A Mixed-Methods Observational Pilot Study of Student Clinicians Who Stutter Purpose The purpose of this observational mixed-methods pilot investigation was to examine how 2 student clinicians who stutter (SCS), doing clinical practicum placements at intensive stuttering clinics, believe stuttering might impact their personal and professional lived experiences. Method Two adult female students who stutter serving ... Article
Article  |   September 25, 2018
A Mixed-Methods Observational Pilot Study of Student Clinicians Who Stutter
Author Affiliations & Notes
  • Daniel Hudock
    Department of Communication Sciences and Disorders, Idaho State University, Pocatello, ID
  • Chad Yates
    Department of Counseling, Idaho State University, Pocatello, ID
  • Linwood G. Vereen
    Department of Counseling and College Student Personnel, Shippensburg University, Shippensburg, PA
  • Disclosures
    Disclosures ×
  • Financial: Daniel Hudock has no relevant financial interests to disclose. Chad Yates has no relevant financial interests to disclose. Linwood G. Vereen has no relevant financial interests to disclose.
    Financial: Daniel Hudock has no relevant financial interests to disclose. Chad Yates has no relevant financial interests to disclose. Linwood G. Vereen has no relevant financial interests to disclose.×
  • Nonfinancial: Daniel Hudock was involved with the Successful Management Stuttering Program on five different occasions and is the founding director of the Northwest Center for Fluency Disorders at Idaho State University. Chad Yates is the mental health director of the Northwest Center for Fluency Disorders. Linwood G. Vereen has no relevant nonfinancial interests to disclose.
    Nonfinancial: Daniel Hudock was involved with the Successful Management Stuttering Program on five different occasions and is the founding director of the Northwest Center for Fluency Disorders at Idaho State University. Chad Yates is the mental health director of the Northwest Center for Fluency Disorders. Linwood G. Vereen has no relevant nonfinancial interests to disclose.×
Article Information
Speech, Voice & Prosodic Disorders / Fluency Disorders / Part 1
Article   |   September 25, 2018
A Mixed-Methods Observational Pilot Study of Student Clinicians Who Stutter
Perspectives of the ASHA Special Interest Groups, September 2018, Vol. 3, 30-57. doi:10.1044/persp3.SIG4.30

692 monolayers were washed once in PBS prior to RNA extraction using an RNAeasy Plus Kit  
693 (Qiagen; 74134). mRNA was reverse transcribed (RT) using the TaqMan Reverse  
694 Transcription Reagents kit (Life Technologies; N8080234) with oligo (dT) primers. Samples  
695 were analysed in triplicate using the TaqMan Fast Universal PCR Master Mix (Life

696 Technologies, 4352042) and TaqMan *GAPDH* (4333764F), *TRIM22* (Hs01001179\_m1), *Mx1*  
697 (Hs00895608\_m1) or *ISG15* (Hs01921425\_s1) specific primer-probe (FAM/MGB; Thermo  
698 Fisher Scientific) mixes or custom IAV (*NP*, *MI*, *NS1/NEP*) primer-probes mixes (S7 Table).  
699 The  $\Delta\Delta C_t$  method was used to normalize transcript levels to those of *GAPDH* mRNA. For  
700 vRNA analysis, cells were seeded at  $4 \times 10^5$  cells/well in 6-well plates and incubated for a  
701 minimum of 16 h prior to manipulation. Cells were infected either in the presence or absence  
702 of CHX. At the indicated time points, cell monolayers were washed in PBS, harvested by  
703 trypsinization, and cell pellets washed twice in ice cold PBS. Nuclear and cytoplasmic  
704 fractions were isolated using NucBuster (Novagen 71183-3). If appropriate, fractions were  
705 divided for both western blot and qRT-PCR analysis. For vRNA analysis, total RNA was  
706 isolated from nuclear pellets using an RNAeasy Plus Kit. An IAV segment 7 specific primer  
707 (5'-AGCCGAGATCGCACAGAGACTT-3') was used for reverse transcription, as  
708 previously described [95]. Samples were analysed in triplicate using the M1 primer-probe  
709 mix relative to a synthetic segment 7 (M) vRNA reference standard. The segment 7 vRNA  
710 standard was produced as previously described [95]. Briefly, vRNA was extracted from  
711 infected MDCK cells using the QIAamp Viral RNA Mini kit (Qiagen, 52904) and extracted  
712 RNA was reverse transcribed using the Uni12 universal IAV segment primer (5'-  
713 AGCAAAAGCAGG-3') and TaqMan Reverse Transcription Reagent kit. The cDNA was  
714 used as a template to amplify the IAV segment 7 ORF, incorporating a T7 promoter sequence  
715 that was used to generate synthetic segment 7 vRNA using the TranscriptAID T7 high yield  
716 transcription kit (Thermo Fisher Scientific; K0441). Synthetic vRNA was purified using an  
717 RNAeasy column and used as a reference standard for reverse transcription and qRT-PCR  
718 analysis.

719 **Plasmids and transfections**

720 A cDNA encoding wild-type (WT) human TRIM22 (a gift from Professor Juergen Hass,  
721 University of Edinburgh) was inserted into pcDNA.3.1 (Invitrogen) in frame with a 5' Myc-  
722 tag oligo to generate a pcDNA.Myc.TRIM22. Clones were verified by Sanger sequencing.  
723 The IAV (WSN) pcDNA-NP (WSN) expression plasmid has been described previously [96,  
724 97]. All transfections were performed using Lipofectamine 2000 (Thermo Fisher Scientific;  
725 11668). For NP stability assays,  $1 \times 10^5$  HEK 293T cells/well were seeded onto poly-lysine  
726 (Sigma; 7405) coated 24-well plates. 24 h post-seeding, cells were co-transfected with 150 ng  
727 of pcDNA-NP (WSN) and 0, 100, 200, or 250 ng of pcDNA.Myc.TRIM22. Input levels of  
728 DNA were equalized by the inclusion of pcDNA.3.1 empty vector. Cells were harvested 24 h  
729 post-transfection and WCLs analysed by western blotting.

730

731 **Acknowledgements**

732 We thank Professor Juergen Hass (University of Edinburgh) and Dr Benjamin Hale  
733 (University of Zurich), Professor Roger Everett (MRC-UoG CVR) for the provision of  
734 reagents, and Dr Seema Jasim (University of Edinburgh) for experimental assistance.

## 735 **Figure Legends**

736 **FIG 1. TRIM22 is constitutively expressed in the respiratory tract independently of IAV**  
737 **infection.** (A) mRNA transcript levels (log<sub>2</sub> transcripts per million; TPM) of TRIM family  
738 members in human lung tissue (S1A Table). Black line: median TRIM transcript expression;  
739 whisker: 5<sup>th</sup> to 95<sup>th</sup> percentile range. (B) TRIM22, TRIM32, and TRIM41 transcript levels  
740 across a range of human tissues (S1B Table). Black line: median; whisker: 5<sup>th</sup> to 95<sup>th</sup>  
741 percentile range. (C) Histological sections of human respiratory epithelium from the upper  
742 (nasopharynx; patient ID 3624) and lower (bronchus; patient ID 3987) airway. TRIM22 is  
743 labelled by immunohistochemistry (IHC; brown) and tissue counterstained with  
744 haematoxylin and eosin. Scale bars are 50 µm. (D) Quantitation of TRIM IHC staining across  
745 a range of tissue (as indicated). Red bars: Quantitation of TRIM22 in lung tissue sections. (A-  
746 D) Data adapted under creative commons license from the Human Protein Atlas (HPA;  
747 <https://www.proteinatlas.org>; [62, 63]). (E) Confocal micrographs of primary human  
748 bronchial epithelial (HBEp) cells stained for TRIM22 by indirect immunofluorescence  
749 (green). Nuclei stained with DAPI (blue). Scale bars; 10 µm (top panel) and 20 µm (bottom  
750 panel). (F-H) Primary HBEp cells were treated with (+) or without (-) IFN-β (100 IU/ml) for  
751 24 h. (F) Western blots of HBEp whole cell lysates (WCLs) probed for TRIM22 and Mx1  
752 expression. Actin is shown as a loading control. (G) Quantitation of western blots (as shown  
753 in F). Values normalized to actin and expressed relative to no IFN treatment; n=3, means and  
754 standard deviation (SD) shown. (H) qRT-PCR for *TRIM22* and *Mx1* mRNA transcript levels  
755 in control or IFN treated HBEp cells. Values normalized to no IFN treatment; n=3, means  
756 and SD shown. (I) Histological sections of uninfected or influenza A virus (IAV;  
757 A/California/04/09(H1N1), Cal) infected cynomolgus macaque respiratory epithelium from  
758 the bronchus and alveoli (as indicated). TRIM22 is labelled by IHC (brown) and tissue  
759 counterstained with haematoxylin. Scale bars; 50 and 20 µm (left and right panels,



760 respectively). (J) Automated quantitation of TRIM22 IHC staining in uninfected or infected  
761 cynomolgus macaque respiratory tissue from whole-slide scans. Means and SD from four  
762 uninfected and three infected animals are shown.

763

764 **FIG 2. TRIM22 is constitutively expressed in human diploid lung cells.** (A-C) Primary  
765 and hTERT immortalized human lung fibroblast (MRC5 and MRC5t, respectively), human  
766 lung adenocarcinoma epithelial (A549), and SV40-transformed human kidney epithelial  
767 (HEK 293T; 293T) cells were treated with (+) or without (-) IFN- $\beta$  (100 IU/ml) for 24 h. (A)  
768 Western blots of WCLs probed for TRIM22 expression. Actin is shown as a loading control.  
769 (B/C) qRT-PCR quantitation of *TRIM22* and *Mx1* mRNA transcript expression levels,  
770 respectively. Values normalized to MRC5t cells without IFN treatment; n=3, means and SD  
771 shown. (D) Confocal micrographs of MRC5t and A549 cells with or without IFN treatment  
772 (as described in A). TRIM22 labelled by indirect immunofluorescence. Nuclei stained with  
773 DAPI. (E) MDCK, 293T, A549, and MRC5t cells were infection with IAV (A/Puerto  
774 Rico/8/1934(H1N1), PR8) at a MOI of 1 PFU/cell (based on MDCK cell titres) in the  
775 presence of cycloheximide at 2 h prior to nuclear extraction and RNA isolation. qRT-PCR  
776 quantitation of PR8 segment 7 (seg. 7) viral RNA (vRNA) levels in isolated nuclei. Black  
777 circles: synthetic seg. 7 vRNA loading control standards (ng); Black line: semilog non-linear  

History: Received September 28, 2017 , Revised May 24, 2018 , Accepted August 23, 2018
Perspectives of the ASHA Special Interest Groups, September 2018, Vol. 3, 30-57. doi:10.1044/persp3.SIG4.30
History: Received September 28, 2017; Revised May 24, 2018; Accepted August 23, 2018

Purpose The purpose of this observational mixed-methods pilot investigation was to examine how 2 student clinicians who stutter (SCS), doing clinical practicum placements at intensive stuttering clinics, believe stuttering might impact their personal and professional lived experiences.

Method Two adult female students who stutter serving as clinicians at 2 separate intensive stuttering clinics completed pre and post self-reported clinic assessments of stuttering and were interviewed near the beginning, in the middle, at the end of their respective clinics and during a member-checking interview several weeks after the clinics had ended.

Results Generic qualitative analysis revealed the 3 following themes: (a) early experiences with stuttering, (b) shifts toward acceptance of stuttering, and (c) experiences as SCS. Participants' changes in quantitative data support the themes and revealed substantial decreases in negative impact from stuttering from before to after the clinics.

Conclusion Participants initially reported negative experiences with stuttering and doubting their abilities to become speech-language pathologists; however, during their clinical experiences, they transitioned to preferring openness and acceptance of their stuttering and began viewing it as a personal and professional strength. Recommendations for how instructors and clinical supervisors can help support SCS are described within.

Acknowledgments
We would like to acknowledge Jody O'Donnell for her contributions to the Northwest Center for Fluency Disorders Interprofessional Intensive Stuttering Clinic, clients, students, colleagues, and friends whom she positively impacted during her many years as a speech-language pathologist in Idaho and a clinical faculty member of Idaho State University. Your clinical perspective and experience have helped improve our understanding in this area. You are, and will continue to be, missed.
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